24 Hours in Kasane: Monkeys, Warthogs, and Elephant-Eating Dogs

Last week Fly Airlink sent Anna-Belle from shesaid.co.za and me on a whirlwind 24-hour trip to Kasane, Botswana, as part of a campaign to promote Airlink’s flights around Southern Africa.

Chobe-River-and-treeView of the Chobe River from Chobe Safari Lodge. 

Kasane — which is approximately 90 minutes by plane from Joburg — is a tiny town whose main claim to fame is Chobe National Park. (Read my 2013 post about another whirlwind trip to Chobe.) We stayed at the Chobe Safari Lodge, which is just a few minutes outside the park on the banks of the Chobe River.

While it would have been nice to spend more time in Kasane, I did a surprising number of interesting things in the short time that I was there:

1) Took a nap in my beautiful room at the lodge, under the mosquito net. 

Chobe-lodge-roomEven though my room was air-conditioned and I never saw a single mosquito at the lodge, there is something romantic about sleeping under a mosquito net.

2) Walked around the grounds of the lodge, which was a mini safari unto itself.

Monkeys-in-the-sunVervet monkeys frolicking on the grounds of the lodge. They’re very cute and fun to watch; just make sure you keep the door to your room closed or they will definitely come inside and help themselves to anything edible.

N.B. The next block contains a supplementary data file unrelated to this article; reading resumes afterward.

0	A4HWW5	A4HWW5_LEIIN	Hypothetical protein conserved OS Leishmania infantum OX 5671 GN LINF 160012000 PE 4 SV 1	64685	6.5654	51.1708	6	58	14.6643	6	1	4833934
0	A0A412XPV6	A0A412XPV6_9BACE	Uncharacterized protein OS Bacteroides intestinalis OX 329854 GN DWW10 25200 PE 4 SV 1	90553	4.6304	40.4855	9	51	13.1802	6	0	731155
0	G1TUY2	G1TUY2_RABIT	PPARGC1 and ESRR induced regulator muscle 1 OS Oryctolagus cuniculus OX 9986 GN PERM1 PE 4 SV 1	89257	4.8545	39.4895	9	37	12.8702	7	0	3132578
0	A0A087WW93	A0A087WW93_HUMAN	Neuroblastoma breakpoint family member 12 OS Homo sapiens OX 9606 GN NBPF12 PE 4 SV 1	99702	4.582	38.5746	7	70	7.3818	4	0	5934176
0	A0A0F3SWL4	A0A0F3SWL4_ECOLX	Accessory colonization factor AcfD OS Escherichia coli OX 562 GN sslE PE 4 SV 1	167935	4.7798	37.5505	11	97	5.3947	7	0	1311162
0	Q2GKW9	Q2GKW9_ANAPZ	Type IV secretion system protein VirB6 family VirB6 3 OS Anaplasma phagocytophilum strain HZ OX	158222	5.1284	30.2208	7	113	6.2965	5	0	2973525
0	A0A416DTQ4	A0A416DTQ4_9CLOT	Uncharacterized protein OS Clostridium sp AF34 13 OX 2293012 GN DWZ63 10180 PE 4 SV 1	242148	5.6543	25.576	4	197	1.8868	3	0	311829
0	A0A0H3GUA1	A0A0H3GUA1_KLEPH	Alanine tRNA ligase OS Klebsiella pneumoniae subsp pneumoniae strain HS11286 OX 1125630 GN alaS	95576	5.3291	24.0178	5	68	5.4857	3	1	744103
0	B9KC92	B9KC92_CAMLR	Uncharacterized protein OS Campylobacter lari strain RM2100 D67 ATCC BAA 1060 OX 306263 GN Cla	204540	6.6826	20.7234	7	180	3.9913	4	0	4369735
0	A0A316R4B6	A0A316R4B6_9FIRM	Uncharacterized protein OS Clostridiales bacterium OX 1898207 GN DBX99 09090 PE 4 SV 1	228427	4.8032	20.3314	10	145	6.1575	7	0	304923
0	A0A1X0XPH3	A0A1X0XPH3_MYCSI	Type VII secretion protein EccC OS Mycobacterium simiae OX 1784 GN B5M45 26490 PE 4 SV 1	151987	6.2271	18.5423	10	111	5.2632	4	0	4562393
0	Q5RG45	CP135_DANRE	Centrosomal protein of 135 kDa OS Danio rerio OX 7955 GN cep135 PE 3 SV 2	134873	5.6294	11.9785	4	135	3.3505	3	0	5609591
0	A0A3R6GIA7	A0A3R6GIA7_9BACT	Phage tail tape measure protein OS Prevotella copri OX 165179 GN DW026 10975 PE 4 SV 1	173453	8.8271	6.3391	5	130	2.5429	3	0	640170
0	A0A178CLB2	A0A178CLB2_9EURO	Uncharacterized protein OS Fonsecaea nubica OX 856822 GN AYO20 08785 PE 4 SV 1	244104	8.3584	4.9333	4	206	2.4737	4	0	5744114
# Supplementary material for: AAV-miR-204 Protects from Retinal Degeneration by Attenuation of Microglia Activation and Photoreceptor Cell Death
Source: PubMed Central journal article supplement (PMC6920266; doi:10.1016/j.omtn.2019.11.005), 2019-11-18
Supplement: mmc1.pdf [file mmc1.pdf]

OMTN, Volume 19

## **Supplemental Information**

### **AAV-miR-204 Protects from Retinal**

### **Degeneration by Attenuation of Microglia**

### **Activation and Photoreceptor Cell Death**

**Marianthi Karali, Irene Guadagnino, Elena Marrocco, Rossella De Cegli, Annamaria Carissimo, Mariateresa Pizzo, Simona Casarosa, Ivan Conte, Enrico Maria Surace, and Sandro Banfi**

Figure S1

Mongoose-and-wallA baby banded mongoose. There were tons of these foraging for food around the hotel.

WarthogsA warthog family grazing in front of the lodge. I love how they get down on their front elbows to forage in the grass. I also spotted a similar warthog family hanging out in a laundry alcove directly outside my door.

3) Watched an incredible sunset.

Chone-sunset1Sunset from Chobe Safari Lodge. Not half bad.

4) Took a dinner cruise.

River-cruise
Chobe Safari Lodge offers lovely evening dinner cruises on the river. The food was really good and the view of the stars from the top of the boat was incredible.

5) Went on a morning game drive.

Impala-and-treeIn the morning we took a game drive into the park. One of my favorite scenes of the morning was this large herd of impala grazing under a tree in the early morning light.

Elephant-and-treeThis portion of Chobe National Park is packed with hundreds, even thousands, of elephants during the afternoon. (See my 2013 Chobe post for more on that.) But we actually saw very few elephants on our morning drive. Apparently the elephants tend to stay deep in the bush in the morning, and then head toward the river as the day wears on and the temperature rises. So if you visit Chobe, be sure to schedule at least one game drive in the afternoon. Anyway, we did glimpse a few elephants that morning, including this scared youngster who seemed to have become separated from his family.

And now, for the most amazing moment of the game drive. The next photo could be disturbing for some people so take heed.